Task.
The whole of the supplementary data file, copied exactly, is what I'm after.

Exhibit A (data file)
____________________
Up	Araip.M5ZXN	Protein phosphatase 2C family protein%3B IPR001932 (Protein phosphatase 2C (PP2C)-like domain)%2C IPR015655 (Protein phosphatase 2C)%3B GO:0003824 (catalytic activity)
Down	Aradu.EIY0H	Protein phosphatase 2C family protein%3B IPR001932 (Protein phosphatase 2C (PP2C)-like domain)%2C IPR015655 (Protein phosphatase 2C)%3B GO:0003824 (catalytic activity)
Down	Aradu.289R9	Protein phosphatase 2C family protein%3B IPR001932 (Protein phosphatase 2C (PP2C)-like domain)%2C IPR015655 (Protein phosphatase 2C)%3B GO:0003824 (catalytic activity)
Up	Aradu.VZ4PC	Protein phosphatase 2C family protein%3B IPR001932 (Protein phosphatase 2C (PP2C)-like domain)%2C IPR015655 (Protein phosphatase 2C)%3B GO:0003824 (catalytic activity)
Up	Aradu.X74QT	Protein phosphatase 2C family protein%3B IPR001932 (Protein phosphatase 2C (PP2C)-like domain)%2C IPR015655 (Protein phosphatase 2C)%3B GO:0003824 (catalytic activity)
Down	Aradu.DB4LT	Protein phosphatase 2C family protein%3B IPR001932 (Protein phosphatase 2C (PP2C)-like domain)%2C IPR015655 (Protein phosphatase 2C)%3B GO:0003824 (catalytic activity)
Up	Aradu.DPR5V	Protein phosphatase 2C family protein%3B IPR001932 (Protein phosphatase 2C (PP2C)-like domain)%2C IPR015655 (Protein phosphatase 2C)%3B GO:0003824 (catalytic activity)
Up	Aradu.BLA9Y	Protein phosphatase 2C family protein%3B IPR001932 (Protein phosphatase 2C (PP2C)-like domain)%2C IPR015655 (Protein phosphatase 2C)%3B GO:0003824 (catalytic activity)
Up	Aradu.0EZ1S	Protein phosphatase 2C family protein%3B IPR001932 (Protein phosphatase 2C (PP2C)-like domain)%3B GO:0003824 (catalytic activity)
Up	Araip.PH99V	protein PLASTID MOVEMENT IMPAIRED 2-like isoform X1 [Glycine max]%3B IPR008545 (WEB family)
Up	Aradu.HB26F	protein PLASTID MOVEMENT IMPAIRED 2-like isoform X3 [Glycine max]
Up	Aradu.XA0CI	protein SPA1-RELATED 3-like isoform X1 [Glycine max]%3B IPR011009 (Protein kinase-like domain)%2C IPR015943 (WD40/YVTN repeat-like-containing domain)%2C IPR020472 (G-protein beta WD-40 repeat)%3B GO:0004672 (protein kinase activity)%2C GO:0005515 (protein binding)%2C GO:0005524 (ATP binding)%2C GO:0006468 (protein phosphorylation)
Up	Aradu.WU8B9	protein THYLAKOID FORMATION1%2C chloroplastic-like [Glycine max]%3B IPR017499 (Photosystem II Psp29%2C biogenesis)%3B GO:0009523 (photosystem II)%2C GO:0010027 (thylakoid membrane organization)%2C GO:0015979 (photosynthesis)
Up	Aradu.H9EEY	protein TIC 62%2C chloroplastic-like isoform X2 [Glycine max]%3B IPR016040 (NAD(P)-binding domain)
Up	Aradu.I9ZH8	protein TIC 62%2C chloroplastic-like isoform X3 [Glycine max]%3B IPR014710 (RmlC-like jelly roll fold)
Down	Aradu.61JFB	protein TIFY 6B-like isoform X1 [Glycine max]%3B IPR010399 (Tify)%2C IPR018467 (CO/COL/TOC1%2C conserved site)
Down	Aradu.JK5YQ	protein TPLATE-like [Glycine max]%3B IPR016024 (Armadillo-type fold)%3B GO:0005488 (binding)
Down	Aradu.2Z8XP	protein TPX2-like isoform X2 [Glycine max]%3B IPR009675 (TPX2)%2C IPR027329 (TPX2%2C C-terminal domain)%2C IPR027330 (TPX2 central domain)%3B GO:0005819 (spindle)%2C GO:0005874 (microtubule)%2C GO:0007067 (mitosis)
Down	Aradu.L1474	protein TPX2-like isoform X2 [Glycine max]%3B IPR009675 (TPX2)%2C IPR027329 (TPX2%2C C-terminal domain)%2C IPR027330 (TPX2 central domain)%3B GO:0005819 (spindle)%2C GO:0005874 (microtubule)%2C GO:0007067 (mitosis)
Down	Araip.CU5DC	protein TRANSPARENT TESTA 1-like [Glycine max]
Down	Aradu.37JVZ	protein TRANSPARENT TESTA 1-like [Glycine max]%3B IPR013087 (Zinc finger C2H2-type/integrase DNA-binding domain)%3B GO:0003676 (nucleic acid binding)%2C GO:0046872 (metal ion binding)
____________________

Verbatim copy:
Up	Araip.M5ZXN	Protein phosphatase 2C family protein%3B IPR001932 (Protein phosphatase 2C (PP2C)-like domain)%2C IPR015655 (Protein phosphatase 2C)%3B GO:0003824 (catalytic activity)
Down	Aradu.EIY0H	Protein phosphatase 2C family protein%3B IPR001932 (Protein phosphatase 2C (PP2C)-like domain)%2C IPR015655 (Protein phosphatase 2C)%3B GO:0003824 (catalytic activity)
Down	Aradu.289R9	Protein phosphatase 2C family protein%3B IPR001932 (Protein phosphatase 2C (PP2C)-like domain)%2C IPR015655 (Protein phosphatase 2C)%3B GO:0003824 (catalytic activity)
Up	Aradu.VZ4PC	Protein phosphatase 2C family protein%3B IPR001932 (Protein phosphatase 2C (PP2C)-like domain)%2C IPR015655 (Protein phosphatase 2C)%3B GO:0003824 (catalytic activity)
Up	Aradu.X74QT	Protein phosphatase 2C family protein%3B IPR001932 (Protein phosphatase 2C (PP2C)-like domain)%2C IPR015655 (Protein phosphatase 2C)%3B GO:0003824 (catalytic activity)
Down	Aradu.DB4LT	Protein phosphatase 2C family protein%3B IPR001932 (Protein phosphatase 2C (PP2C)-like domain)%2C IPR015655 (Protein phosphatase 2C)%3B GO:0003824 (catalytic activity)
Up	Aradu.DPR5V	Protein phosphatase 2C family protein%3B IPR001932 (Protein phosphatase 2C (PP2C)-like domain)%2C IPR015655 (Protein phosphatase 2C)%3B GO:0003824 (catalytic activity)
Up	Aradu.BLA9Y	Protein phosphatase 2C family protein%3B IPR001932 (Protein phosphatase 2C (PP2C)-like domain)%2C IPR015655 (Protein phosphatase 2C)%3B GO:0003824 (catalytic activity)
Up	Aradu.0EZ1S	Protein phosphatase 2C family protein%3B IPR001932 (Protein phosphatase 2C (PP2C)-like domain)%3B GO:0003824 (catalytic activity)
Up	Araip.PH99V	protein PLASTID MOVEMENT IMPAIRED 2-like isoform X1 [Glycine max]%3B IPR008545 (WEB family)
Up	Aradu.HB26F	protein PLASTID MOVEMENT IMPAIRED 2-like isoform X3 [Glycine max]
Up	Aradu.XA0CI	protein SPA1-RELATED 3-like isoform X1 [Glycine max]%3B IPR011009 (Protein kinase-like domain)%2C IPR015943 (WD40/YVTN repeat-like-containing domain)%2C IPR020472 (G-protein beta WD-40 repeat)%3B GO:0004672 (protein kinase activity)%2C GO:0005515 (protein binding)%2C GO:0005524 (ATP binding)%2C GO:0006468 (protein phosphorylation)
Up	Aradu.WU8B9	protein THYLAKOID FORMATION1%2C chloroplastic-like [Glycine max]%3B IPR017499 (Photosystem II Psp29%2C biogenesis)%3B GO:0009523 (photosystem II)%2C GO:0010027 (thylakoid membrane organization)%2C GO:0015979 (photosynthesis)
Up	Aradu.H9EEY	protein TIC 62%2C chloroplastic-like isoform X2 [Glycine max]%3B IPR016040 (NAD(P)-binding domain)
Up	Aradu.I9ZH8	protein TIC 62%2C chloroplastic-like isoform X3 [Glycine max]%3B IPR014710 (RmlC-like jelly roll fold)
Down	Aradu.61JFB	protein TIFY 6B-like isoform X1 [Glycine max]%3B IPR010399 (Tify)%2C IPR018467 (CO/COL/TOC1%2C conserved site)
Down	Aradu.JK5YQ	protein TPLATE-like [Glycine max]%3B IPR016024 (Armadillo-type fold)%3B GO:0005488 (binding)
Down	Aradu.2Z8XP	protein TPX2-like isoform X2 [Glycine max]%3B IPR009675 (TPX2)%2C IPR027329 (TPX2%2C C-terminal domain)%2C IPR027330 (TPX2 central domain)%3B GO:0005819 (spindle)%2C GO:0005874 (microtubule)%2C GO:0007067 (mitosis)
Down	Aradu.L1474	protein TPX2-like isoform X2 [Glycine max]%3B IPR009675 (TPX2)%2C IPR027329 (TPX2%2C C-terminal domain)%2C IPR027330 (TPX2 central domain)%3B GO:0005819 (spindle)%2C GO:0005874 (microtubule)%2C GO:0007067 (mitosis)
Down	Araip.CU5DC	protein TRANSPARENT TESTA 1-like [Glycine max]
Down	Aradu.37JVZ	protein TRANSPARENT TESTA 1-like [Glycine max]%3B IPR013087 (Zinc finger C2H2-type/integrase DNA-binding domain)%3B GO:0003676 (nucleic acid binding)%2C GO:0046872 (metal ion binding)